According to the World Health Organization (WHO), approximately 1.4 million men were diagnosed with prostate cancer in 2020. In the US, prostate cancer is the most common cancer in men after skin cancer and it is the third most common cause of cancer death in men. Approximately one in seven American men is diagnosed with prostate cancer in their lifetime. In the UK, roughly 12,000 men lose their lives every year because of prostate cancer.
Although prostate cancer is a serious condition, survival rates improve with early detection of this disease. Quality of life also improves with early diagnosis, as the patient might avoid extensive treatment and surgery. In the UK, there is no national-level screening programme for this cancer. The breast cancer screening programme is well established in the UK and similar priority should be given to prostate cancer screening in men. By implementing early diagnostic and screening programmes, thousands of deaths from this cancer will be avoided.
The UK Government has launched a large prostate cancer screening trial in the UK. On International Men’s Day, November 19, the UK Government and Prostate Cancer UK unveiled a screening trial to identify ways of detecting this cancer in the earlier stages. They will recruit thousands of men who are at higher risk of this cancer. This trial, called TRANSFORM, will use innovative solutions such as magnetic resonance imaging (MRI) screening to identify cases not detected by blood tests and in the absence of cancer symptoms. If the trial is successful, it will be a major boost for prostate cancer screening.
In the US, men 55–69 years old are recommended to have prostate cancer screening. The screening involves a prostate-specific antigen (PSA) blood test. PSA screening can detect prostate cancer early, but it can also result in the detection of non-life-threatening tumours. Therefore, PSA screening guidelines vary between countries and have changed over time. The US Preventive Services Task Force changed its policy and recommended against routine PSA screening for men ages 75 and older in 2008. Meanwhile, the Japanese Urological Association recommended PSA screening for all men at risk of prostate cancer in Japan in 2010. Future changes in PSA screening guidelines and screening trials in the UK would likely have a major impact on the diagnosis of prostate cancer cases.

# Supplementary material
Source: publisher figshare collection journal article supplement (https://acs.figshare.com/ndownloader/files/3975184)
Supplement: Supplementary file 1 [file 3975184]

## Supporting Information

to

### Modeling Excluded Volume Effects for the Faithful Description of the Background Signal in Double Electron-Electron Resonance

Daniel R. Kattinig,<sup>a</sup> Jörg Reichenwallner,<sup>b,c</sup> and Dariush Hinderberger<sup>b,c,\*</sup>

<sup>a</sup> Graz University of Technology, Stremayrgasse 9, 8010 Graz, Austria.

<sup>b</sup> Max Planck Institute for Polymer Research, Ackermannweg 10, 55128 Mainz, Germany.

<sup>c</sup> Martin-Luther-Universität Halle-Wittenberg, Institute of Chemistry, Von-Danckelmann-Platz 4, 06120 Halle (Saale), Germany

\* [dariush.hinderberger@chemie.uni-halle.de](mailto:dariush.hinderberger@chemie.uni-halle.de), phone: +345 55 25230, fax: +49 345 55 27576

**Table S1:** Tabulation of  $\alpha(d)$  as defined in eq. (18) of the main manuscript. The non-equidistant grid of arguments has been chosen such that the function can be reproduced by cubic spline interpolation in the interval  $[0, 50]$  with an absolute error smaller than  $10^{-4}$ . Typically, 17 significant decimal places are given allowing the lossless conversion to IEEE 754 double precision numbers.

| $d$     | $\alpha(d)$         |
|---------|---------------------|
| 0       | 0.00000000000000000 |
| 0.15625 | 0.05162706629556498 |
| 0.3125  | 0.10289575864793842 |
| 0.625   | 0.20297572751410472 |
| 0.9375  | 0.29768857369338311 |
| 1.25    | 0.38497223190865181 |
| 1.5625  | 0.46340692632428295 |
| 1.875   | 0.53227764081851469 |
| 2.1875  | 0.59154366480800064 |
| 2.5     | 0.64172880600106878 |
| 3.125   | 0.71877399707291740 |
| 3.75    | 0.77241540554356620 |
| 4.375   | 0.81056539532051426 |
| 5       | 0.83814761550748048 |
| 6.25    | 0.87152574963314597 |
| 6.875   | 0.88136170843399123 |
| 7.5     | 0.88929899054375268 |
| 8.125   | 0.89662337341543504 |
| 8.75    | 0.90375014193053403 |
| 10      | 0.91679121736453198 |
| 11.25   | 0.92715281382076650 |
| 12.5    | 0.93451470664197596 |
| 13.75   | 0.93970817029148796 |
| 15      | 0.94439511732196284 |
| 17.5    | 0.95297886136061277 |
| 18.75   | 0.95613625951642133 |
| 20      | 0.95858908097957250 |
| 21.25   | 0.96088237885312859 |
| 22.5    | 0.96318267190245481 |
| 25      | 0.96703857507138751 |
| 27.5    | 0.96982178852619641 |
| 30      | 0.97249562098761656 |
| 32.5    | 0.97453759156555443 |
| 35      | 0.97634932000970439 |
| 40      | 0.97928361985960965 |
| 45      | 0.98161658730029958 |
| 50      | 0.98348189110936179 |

Prostate cancer numbers are a major public health burden in the US and the UK. GlobalData epidemiologists forecast that the diagnosed incident cases of prostate cancer in the UK will increase from 56,000 cases in 2023 to 60,000 cases in 2028. Similarly, incident cases will rise from 190,000 in 2023 to 205,000 in 2028 in the US. The biggest risk factor for prostate cancer is advancing age. In both countries, the number of cases peaks in the 65–74 age group. As the population ages, the risk of prostate cancer will continue to rise in these countries.
There is a need for effective and innovative screening programmes directed at the high-risk group of men for early detection of this cancer. Awareness among men and an effective screening programme will help save thousands of lives lost every year to this cancer.
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